My experience visiting the Mdzananda Animal Clinic
Watch Zoe's video of Mdzananda Animal Clinic: https://www.youtube.com/watch?v=CrF5_eOLL0w
It’s been fifteen minutes since I took the Spine Road exit off the N2 looking out for a sign to ‘Graceland’. I am miles from Memphis, on my way to the Mdzananda animal clinic in Khayelitsha, struck by the vastness of the township. Ros, a graceful woman with soft eyes and silver hair, meets me immediately on arrival and introduces herself as the hospital manager. While we discuss my visit I am given a thorough security sniff by two furry residents.
The clinic is a cluster of small buildings and shipping containers surrounded by a garden. “We attempt to prove to the community that you don’t have to live in Bishopscourt to have a garden” smiles Ros.
As soon as you enter the relatively small space it seems to expand brimming with activity. After a few moments you become accustomed to the scent of medical sanitizers mingled with the musty smells that hang in the air but the animal sounds draw your attention in all directions. The staff takes little notice of us going about their work.
Ros gives me a tour of the clinic starting with the operating room where I meet Marc, the clinic’s resident doctor, who is stitching up a sedated pet with injuries to his jaw. I am then shown the main kennel where dogs awaiting adoption or surgery are kept. The place erupts in barks of anticipation at the sound of our footsteps and the smaller puppies leap up against the mesh vying for attention. After showing me where the cats are kept Ros leads me back to her office to conduct the interview. “We provide a very necessary service in a place as poor as Khayelitsha where there are about 150 000 domestic animals. We treat an average of 1000 animals, whose owners do not have the finances to consult private vets, per month”. Fortunately, thanks to a few loyal funders, the clinic is able to treat animals free of charge. The biggest sponsors are IFAW (International Fund of Animal Welfare), Investec and Dogs Trust. Mdzananda also receives donations from Paw Members who are individuals giving monthly donations and people who give anything from R100 to a R1000 after reading about them.
Prior to Mdzananda there was no animal welfare in the area and, like so many of the NGO’s I have reviewed, it owes its inception to the initiative of one person who saw a need and took personal action. Twenty years ago a man called Joe, who still lives in the area, noticed that a great number of dogs in Khayelitsha were getting sick from tic-borne diseases. He decided to do rounds on a Saturday morning with a shopping trolley filled with a bucket of dip. In no time he acquired a small team of assistants of local children which, as Ros said, “changed the way the youngsters in neighborhood started seeing animals”. Ros adds that one of these youngsters, Lazola, is now a leading member of the team and has been with the clinic since its establishment twenty years ago.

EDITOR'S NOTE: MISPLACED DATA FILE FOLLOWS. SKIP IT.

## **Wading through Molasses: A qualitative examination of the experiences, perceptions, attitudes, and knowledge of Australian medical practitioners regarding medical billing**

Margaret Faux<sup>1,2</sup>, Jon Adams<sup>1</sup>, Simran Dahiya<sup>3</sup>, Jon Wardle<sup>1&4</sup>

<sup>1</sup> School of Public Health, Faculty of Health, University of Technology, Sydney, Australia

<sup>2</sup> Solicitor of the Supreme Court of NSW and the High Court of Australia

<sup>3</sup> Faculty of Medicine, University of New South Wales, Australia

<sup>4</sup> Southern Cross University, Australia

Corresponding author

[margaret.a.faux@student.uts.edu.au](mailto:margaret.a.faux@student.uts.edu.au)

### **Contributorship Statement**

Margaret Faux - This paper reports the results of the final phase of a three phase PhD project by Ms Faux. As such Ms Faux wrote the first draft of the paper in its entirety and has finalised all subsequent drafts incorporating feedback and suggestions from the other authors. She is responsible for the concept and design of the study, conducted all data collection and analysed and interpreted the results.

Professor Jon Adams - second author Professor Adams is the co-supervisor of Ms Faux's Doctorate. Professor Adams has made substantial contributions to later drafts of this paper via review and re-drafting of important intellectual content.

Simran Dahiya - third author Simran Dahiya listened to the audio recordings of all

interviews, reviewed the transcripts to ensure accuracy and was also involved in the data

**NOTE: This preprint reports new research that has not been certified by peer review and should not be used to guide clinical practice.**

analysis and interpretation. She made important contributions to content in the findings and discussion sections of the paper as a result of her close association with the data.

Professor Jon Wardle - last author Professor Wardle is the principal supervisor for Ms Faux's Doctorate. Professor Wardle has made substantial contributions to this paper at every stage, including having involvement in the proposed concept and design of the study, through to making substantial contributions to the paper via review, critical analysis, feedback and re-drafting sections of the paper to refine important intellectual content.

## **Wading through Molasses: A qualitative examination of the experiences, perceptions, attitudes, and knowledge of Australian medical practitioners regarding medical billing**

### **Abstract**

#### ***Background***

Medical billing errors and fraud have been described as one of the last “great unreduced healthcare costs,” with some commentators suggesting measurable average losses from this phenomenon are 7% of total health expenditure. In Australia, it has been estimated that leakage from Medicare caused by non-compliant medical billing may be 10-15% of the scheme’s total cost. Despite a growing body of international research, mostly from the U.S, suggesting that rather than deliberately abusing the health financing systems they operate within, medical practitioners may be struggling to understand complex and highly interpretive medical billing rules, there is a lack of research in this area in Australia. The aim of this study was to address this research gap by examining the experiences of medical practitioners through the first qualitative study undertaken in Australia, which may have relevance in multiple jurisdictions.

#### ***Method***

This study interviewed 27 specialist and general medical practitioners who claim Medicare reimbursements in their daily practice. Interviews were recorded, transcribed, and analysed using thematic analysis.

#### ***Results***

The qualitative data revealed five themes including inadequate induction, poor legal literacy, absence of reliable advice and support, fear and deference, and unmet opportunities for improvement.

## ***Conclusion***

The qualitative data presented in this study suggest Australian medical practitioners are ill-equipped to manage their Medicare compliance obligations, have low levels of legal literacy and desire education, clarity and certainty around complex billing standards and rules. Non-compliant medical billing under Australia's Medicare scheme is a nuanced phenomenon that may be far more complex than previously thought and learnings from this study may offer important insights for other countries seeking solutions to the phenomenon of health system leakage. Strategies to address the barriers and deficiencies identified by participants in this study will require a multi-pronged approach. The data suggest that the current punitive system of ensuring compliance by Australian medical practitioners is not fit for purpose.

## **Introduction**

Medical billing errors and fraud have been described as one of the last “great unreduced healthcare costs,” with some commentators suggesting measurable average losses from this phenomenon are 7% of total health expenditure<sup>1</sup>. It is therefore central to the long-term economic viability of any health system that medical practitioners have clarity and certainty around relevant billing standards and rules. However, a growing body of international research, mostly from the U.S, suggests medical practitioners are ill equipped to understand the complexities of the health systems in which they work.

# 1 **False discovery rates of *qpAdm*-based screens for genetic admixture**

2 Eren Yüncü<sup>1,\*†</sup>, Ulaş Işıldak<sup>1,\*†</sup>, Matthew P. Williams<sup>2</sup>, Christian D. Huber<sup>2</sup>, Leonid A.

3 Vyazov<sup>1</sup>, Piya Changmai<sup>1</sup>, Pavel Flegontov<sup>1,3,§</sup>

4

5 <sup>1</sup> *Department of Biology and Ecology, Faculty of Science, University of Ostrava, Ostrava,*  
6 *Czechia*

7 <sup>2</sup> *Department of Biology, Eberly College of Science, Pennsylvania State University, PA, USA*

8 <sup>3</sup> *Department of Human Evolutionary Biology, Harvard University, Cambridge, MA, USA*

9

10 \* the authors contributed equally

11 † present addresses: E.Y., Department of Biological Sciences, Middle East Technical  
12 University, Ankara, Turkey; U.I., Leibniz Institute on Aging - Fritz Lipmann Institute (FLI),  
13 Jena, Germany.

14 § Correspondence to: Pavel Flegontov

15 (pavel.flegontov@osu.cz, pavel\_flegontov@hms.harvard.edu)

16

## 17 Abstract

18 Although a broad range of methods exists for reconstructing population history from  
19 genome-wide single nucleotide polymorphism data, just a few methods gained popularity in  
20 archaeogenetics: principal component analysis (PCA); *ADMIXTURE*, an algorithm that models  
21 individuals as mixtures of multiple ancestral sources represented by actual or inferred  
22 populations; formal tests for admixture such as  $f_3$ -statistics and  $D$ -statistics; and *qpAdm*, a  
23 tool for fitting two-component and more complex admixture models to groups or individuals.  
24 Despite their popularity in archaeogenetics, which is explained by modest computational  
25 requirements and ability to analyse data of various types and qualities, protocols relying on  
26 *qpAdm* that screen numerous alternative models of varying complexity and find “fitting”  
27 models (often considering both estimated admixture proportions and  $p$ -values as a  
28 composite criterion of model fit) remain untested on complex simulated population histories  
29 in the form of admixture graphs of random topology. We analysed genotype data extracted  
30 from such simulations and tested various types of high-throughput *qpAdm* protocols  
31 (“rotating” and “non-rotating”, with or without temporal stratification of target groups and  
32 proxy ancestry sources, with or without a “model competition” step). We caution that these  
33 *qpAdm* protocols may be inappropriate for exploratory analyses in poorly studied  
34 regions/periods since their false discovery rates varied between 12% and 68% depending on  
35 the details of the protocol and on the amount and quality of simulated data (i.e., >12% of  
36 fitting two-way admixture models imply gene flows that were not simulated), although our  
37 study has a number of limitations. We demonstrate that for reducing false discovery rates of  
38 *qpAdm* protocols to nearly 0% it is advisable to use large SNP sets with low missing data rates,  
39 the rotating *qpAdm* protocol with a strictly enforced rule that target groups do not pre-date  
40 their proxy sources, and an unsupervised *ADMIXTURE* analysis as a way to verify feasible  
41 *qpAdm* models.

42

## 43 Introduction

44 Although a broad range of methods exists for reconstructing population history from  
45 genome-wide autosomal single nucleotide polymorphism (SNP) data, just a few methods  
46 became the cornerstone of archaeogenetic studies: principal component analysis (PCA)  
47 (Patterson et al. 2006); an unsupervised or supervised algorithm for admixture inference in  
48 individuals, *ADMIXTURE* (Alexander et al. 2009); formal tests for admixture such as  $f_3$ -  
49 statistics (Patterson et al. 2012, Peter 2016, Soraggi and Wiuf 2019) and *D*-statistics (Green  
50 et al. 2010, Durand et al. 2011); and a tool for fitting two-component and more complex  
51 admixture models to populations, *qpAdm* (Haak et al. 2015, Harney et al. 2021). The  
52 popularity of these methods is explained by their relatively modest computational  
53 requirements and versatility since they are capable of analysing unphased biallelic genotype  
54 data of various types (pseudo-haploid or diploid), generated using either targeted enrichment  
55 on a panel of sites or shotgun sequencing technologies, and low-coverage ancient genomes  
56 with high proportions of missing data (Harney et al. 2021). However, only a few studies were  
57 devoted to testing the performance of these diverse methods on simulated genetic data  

“Have we made a huge difference? We are still focusing on putting out the fires”, says Ros. "The treatments include a lot of vaccinations, sterilizations, operations as well as outreach programs to educate children on how to care for their pets". Although the work is extremely rewarding Ros cautions my idealistic notion that this must be the most wonderful job. “It comes with huge responsibility.”
As we head back towards the entrance I pause in front of a few cages to look at wide-eyed cats, adorable puppies and recovering dogs with woeful looks but wagging tails before emerging from the building. As I leave I’m again struck by the sense that Mdzananda is in many ways an oasis in this particular desert.
You can upload the video link: https://www.youtube.com/watch?v=CrF5_eOLL0w